The short story, for those who know its history as well as I do, is often looked at in terms of periods, writers, important landmarks of stories or structures like its five or six elements or the Freytag’s pyramid etc. So I have written mine in such a way that I show readers that I can both fulfill all these obligations of prior knowledge thrust on me by my literary background if need be, and break (with) them totally as well and work completely outside (them), when I want to. My stories are thus traditional, modern or post-modern, depending on which mode I am working in, and I can use, destroy or just stay away from things like plot, characterization, setting, point of view, conflict, theme, or exposition, rising action, complication, climax, falling action or resolution adroitly. Moving from presence to absence, from evolution to devolution and from construction to deconstruction, the stories often remain minimalist but important aspects and landmarks of my progress as a writer for me, as one who is conscious of all aspects of his craft, including forms, style, language, structure, genre etc., while writing prose and short fiction.
In it there is a novella called Anamika. It brought forth diametrically opposite views from two writers/readers when they read it in rough. I love the story though. It has a solid flight to it with a pattern of lulls and ever rising crescendos leading to the climax that is like the troughs and crests of waves thumping against a sea-shore with each one becoming bigger till the last big one that splashes against the rocks and deluges you completely – a pattern that I particularly love as it is not found in any of my other stories.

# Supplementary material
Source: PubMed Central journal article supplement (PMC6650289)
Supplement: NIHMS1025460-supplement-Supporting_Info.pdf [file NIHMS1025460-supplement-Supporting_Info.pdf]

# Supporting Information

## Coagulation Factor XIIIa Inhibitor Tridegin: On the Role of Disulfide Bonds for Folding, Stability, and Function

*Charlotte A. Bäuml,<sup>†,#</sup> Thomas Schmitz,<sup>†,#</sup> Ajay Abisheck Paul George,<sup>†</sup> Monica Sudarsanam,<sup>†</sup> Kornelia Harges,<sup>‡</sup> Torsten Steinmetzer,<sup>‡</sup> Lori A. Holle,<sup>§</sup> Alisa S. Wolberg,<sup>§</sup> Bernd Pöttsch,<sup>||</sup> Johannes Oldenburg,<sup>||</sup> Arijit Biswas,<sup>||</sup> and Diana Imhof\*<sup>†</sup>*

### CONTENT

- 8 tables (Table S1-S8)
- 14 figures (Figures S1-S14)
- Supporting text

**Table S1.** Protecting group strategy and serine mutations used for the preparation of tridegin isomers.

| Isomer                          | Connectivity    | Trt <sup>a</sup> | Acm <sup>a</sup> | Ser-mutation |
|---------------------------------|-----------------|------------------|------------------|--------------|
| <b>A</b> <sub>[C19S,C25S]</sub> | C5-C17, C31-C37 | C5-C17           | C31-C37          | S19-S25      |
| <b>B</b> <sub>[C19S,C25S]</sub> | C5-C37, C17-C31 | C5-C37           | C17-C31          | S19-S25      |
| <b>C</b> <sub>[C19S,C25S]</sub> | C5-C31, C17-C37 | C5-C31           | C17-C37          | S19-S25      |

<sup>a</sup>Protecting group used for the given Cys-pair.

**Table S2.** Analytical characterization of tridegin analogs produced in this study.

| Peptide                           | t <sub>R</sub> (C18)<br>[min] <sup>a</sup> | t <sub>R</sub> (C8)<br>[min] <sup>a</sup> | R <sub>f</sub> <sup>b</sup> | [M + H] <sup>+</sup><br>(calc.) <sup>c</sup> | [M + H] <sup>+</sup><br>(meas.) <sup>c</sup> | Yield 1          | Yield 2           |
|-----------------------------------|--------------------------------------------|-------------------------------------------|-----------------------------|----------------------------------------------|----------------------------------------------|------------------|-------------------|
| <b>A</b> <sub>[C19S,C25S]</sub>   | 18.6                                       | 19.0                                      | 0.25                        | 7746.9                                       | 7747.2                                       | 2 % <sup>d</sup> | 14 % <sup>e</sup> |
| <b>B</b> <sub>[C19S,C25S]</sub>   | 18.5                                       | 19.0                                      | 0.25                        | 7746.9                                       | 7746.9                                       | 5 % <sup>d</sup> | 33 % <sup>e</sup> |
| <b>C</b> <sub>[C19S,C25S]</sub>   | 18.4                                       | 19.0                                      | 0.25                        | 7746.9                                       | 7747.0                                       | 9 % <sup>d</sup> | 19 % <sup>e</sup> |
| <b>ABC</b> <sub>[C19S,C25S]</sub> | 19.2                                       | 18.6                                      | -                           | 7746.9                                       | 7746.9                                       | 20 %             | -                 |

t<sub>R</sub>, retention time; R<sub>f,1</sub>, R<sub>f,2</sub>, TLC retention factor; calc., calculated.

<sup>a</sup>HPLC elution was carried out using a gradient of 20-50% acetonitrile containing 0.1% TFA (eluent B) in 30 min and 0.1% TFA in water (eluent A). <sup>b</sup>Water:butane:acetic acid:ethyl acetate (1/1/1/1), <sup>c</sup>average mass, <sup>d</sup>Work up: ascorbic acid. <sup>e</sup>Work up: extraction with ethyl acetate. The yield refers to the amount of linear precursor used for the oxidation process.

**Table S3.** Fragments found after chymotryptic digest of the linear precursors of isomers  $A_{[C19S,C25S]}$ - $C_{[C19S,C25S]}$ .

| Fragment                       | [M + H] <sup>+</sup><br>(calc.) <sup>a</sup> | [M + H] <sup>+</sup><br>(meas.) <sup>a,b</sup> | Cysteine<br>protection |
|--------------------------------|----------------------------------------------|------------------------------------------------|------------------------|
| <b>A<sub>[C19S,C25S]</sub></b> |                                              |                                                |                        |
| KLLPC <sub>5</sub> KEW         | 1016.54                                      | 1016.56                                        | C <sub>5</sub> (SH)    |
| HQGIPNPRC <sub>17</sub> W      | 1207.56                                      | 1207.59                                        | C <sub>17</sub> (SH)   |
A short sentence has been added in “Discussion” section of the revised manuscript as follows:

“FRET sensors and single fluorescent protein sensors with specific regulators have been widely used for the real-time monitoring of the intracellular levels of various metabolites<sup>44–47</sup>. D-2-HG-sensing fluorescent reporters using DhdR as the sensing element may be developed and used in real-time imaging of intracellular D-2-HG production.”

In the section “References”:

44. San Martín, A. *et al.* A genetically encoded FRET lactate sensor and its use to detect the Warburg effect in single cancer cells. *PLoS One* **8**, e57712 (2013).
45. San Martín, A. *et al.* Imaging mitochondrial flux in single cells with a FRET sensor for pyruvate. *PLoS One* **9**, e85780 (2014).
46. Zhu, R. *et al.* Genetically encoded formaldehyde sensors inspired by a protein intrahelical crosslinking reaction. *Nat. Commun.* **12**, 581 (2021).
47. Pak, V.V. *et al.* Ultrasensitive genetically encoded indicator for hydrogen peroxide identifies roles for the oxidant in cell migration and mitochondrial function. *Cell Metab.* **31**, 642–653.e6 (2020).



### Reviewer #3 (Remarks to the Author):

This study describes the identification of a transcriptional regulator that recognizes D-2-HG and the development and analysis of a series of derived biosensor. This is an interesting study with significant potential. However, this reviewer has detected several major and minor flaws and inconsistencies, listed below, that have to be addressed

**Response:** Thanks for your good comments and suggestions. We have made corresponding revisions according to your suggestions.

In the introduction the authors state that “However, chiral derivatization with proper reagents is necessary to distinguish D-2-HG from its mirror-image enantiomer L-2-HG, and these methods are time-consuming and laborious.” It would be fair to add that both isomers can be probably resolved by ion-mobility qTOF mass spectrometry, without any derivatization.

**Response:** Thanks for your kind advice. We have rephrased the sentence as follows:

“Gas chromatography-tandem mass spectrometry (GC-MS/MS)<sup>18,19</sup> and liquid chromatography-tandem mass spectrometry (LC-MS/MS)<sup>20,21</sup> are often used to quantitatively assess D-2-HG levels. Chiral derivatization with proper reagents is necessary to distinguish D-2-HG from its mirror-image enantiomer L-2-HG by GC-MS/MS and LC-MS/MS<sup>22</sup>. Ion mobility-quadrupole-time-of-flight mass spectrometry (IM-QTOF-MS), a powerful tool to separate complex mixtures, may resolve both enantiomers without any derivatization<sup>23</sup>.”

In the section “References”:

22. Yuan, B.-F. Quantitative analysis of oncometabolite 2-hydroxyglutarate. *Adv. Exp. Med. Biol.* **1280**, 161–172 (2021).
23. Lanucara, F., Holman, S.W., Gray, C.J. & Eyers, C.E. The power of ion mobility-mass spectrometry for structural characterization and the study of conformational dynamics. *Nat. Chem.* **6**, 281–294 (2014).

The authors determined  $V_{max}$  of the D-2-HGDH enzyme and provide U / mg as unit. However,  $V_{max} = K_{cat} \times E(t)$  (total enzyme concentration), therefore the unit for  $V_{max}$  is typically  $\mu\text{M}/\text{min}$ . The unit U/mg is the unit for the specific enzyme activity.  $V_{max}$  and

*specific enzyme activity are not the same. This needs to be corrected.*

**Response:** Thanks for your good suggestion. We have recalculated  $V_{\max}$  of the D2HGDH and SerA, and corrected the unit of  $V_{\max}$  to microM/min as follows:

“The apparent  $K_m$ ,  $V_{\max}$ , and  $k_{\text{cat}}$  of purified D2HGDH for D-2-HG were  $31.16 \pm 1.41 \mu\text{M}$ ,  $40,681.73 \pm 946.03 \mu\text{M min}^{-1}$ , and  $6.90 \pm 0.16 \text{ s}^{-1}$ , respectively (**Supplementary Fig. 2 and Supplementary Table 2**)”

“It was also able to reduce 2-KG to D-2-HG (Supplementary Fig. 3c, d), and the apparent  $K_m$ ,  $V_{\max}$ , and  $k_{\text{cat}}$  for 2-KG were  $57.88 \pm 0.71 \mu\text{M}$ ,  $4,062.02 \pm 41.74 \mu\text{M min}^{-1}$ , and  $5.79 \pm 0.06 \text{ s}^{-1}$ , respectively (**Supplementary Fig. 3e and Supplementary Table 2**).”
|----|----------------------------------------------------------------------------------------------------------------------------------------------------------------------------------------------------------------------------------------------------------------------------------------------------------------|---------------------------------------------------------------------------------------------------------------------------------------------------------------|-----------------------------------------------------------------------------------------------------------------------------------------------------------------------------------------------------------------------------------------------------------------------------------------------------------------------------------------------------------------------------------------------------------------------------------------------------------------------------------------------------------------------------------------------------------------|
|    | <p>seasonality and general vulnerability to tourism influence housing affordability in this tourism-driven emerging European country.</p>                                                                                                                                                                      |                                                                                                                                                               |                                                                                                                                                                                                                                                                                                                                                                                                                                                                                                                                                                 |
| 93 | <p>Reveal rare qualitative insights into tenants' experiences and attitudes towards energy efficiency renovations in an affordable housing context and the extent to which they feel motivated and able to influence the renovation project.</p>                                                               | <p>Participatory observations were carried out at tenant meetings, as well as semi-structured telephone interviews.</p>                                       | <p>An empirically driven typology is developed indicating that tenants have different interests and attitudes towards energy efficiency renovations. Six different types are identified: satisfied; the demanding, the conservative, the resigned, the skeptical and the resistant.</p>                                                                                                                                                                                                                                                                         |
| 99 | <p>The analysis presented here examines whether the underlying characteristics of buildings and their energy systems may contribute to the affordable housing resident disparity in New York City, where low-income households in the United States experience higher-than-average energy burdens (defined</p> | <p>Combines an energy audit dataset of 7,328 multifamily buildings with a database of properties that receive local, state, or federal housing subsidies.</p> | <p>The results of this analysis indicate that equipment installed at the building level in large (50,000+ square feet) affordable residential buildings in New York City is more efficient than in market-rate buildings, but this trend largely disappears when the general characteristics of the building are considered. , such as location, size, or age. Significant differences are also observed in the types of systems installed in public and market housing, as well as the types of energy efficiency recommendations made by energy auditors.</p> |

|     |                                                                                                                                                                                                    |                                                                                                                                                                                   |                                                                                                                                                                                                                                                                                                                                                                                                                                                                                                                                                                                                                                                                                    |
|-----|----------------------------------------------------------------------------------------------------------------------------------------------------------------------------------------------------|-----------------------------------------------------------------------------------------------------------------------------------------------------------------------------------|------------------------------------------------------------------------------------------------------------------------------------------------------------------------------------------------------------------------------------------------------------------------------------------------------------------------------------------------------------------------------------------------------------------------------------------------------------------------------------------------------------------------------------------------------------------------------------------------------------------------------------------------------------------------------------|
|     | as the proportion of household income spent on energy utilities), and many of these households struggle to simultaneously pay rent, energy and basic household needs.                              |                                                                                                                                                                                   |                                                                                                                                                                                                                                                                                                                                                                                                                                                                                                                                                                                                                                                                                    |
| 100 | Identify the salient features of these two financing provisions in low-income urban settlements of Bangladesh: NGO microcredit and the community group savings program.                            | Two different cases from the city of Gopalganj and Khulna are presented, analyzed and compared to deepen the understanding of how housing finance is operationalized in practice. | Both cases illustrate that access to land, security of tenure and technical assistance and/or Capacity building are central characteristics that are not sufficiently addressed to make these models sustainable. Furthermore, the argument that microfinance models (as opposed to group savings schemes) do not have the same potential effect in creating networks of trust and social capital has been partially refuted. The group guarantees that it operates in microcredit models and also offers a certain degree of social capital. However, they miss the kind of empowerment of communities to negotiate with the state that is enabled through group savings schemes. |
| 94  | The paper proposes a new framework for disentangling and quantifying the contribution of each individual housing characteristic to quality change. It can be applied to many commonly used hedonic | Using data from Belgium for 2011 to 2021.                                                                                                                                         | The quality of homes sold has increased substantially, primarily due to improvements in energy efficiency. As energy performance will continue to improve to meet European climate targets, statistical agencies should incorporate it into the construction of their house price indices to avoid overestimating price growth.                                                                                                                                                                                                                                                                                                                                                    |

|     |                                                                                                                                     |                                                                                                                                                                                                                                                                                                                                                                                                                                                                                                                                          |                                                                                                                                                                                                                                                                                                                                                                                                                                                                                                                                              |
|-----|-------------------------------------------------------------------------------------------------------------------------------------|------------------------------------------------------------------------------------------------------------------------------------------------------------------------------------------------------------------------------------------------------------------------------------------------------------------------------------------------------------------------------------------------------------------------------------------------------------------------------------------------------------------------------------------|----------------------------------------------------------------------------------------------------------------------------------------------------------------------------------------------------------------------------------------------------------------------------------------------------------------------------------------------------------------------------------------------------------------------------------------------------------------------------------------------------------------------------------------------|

It has been a long journey to my first book of short stories actually seeing the light of day. A book like what Dubliners may have meant to James Joyce.
Its significance is simple – in all the books in Indian English that I have read – starting from its beginning maybe right up to 2017 I have never seen such a heavy dose or overdose of experimentation in every aspect of writing fiction before, meaning in the genres of short short fiction, short stories and the novella – in plots, structures, forms, genres, styles, voices, points of view, themes, characterization, plot structures (meaning expositions, rising actions, conflicts, confrontations,complications, twists, hooks, turns, anti-climaxes, detours, digressions, climaxes, falling actions, denouments or resolutions), characters, techniques, playing around with moods, atmospheres, tones, ambiences and settings – as I have experimented with except in the case of a very few writers like G V Desani in All About H Hatterr, Raja Rao in his Kanthapura, Nakulan in his novel Words to the Wind in the Pappa Mia section, Salman Rushdie and maybe Jeet Thayyil.
It was even more experimental but had to be toned down several degrees to be at least a little bit on the edges or fringes of the mainstream!
It may be the first attempt at a quasi-Indian, quasi-post-modernist, quasi-modernist, quasi-diasporic, primarily deconstructionist, quasi- urban(e), anti-formalist, anti-structuralist collection of short stories in India.
More to read in Literary Criticism by Dr Ampat Koshy